Misfortune and disasters also occur because of the law of nature that God Himself created and He has commanded us to study this natural law as implied from the Quran, “Behold, We established him securely on earth, and endowed him with [the knowledge of] the right means to achieve anything [that he might set out to achieve]; and so he chose the right means [in whatever he did].” (The Quran, 18:84-5).
This means that there are disasters and misfortunes not as a result of God’s love/wrath or individual’s sins/piety, but merely because the law of nature determines so.
For example, the physical weakness experienced by the elderly occurs to anyone who reaches old age, no matter whether he is a pious man or wicked sinner.
Similarly, a variety of natural disasters that occurred worldwide is a result of this natural law and not, as often claimed, linked to sins and divine punishment only.
Seeing misfortune and disasters as solely a result of sins and God’s punishment is problematic because of the following reasons.
- It does not reflect fully the teachings of Islam on the issue, as argued above.
- It represents a misunderstanding of Islam’s stand on the issue that bala’ is associated with only negativity.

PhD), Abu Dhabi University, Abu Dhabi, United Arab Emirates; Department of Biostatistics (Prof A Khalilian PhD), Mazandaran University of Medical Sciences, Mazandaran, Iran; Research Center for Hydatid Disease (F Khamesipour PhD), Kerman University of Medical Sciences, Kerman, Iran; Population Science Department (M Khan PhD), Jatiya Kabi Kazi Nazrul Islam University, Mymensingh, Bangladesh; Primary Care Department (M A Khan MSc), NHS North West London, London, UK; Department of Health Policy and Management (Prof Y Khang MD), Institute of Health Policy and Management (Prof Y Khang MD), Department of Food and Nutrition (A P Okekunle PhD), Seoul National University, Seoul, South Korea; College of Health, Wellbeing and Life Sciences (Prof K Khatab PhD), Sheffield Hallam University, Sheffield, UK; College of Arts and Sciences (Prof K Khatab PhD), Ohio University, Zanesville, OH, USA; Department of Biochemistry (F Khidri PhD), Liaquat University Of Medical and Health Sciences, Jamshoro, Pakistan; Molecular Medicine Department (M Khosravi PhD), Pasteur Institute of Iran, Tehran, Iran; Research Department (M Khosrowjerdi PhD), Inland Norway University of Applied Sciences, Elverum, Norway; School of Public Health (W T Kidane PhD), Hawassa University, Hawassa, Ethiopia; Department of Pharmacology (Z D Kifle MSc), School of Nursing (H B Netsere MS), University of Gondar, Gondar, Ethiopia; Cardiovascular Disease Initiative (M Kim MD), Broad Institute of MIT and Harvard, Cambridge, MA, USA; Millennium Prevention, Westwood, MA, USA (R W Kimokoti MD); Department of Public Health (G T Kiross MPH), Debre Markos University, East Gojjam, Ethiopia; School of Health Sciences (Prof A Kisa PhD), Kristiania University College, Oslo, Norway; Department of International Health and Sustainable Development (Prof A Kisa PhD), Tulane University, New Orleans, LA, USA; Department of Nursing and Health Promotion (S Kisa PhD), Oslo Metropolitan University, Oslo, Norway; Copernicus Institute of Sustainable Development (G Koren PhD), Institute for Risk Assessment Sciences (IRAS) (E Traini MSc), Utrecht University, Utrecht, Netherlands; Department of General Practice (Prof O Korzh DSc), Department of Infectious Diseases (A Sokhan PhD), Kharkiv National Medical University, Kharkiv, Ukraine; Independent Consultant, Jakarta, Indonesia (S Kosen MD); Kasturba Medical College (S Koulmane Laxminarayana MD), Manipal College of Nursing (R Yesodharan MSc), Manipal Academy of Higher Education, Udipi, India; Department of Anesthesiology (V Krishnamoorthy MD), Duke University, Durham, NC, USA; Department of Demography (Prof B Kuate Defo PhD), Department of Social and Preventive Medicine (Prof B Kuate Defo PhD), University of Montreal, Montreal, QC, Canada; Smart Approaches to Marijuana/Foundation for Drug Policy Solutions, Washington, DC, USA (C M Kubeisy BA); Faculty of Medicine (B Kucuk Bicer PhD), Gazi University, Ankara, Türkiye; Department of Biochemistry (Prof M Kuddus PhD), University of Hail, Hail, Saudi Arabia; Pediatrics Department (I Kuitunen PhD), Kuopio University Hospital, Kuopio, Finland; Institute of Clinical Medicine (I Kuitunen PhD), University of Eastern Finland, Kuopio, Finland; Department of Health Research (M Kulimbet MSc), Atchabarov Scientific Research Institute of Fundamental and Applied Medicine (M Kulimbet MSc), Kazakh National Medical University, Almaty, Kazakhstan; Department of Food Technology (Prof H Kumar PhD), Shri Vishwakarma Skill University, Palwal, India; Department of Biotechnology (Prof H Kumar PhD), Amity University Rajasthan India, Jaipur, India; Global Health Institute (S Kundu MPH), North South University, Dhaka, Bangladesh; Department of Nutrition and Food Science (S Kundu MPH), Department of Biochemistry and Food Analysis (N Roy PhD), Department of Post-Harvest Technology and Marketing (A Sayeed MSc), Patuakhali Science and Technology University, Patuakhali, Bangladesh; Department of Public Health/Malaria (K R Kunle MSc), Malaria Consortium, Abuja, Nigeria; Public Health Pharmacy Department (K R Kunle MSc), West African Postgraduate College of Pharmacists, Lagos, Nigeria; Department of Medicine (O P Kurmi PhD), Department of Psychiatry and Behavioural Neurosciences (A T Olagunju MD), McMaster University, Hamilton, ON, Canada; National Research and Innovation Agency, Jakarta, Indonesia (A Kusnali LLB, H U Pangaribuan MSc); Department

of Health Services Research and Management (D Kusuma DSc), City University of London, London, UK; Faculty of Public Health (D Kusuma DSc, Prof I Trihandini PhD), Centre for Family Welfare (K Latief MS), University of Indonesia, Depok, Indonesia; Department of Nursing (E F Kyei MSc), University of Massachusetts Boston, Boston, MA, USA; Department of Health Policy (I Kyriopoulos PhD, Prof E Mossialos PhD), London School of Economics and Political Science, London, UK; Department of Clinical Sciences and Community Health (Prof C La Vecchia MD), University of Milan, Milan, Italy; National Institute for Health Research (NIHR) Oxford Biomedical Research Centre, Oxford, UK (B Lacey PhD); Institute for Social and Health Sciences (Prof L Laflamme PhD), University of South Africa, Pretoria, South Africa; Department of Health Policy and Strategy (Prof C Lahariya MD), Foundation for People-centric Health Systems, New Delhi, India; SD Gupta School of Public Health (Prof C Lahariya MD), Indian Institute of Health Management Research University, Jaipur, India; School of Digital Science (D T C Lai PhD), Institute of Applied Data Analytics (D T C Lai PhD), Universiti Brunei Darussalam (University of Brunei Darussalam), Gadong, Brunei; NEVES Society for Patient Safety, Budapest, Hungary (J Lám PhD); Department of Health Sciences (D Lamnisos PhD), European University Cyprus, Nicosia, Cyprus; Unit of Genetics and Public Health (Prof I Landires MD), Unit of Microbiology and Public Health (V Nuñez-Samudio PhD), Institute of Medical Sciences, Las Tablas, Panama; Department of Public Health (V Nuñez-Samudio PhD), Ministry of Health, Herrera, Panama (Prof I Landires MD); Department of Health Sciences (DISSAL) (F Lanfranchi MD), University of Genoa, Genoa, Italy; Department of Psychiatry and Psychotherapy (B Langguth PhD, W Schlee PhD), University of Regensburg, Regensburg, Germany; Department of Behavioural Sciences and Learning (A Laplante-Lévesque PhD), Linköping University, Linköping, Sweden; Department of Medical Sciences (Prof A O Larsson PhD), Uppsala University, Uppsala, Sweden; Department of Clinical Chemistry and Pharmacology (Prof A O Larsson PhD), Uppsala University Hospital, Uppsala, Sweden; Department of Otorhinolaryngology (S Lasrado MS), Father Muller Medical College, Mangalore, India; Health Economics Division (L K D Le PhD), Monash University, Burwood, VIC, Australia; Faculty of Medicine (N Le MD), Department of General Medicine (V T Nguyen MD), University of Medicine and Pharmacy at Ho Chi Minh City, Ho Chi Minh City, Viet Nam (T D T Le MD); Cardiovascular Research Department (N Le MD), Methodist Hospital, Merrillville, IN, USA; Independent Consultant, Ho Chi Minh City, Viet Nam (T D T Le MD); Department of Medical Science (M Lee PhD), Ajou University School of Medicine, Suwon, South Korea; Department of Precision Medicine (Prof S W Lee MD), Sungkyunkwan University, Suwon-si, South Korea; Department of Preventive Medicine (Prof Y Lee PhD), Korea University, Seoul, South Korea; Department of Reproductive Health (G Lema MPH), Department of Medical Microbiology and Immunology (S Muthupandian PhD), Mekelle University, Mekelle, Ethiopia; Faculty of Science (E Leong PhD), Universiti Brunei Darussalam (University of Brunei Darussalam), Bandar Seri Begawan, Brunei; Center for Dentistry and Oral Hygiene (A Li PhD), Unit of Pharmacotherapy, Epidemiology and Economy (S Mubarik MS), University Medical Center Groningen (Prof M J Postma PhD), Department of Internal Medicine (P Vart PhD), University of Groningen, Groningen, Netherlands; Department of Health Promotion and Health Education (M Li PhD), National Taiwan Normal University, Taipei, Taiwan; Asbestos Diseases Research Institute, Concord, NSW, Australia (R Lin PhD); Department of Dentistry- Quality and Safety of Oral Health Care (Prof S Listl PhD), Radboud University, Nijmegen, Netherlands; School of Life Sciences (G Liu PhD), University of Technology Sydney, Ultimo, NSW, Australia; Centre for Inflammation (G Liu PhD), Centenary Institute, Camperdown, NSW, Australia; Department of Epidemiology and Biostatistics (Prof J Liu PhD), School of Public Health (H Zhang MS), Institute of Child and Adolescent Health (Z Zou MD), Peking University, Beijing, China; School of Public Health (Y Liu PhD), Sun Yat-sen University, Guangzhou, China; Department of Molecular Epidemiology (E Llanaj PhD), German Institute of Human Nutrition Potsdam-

- It can lead to a misunderstanding of Islam as a religion of negativity and irrationality.
- It bore a shallow thought pattern that, as a result, will produce a simplistic assessment and solutions to misfortune i.e. just repent to God when disaster or misfortune happened.
- It conditions Muslims with negative thoughts because all the disasters are only seen from a negative viewpoint.
- It encourages judgmental mindset because, often, the next diagnostic questions will be, “what is the sin that needs to be eliminated to prevent this disaster?” and “who was the culprit?”.
In contrast, Muslims should:
- hold a holistic perspective on bala’ because the Qur’an commands to accept and practice Islam holistically.The Quran says, “O you who have attained to faith! Surrender yourselves wholly unto God, and follow not Satan’s footsteps, for, verily, he is your open foe.” (The Quran, 2:208)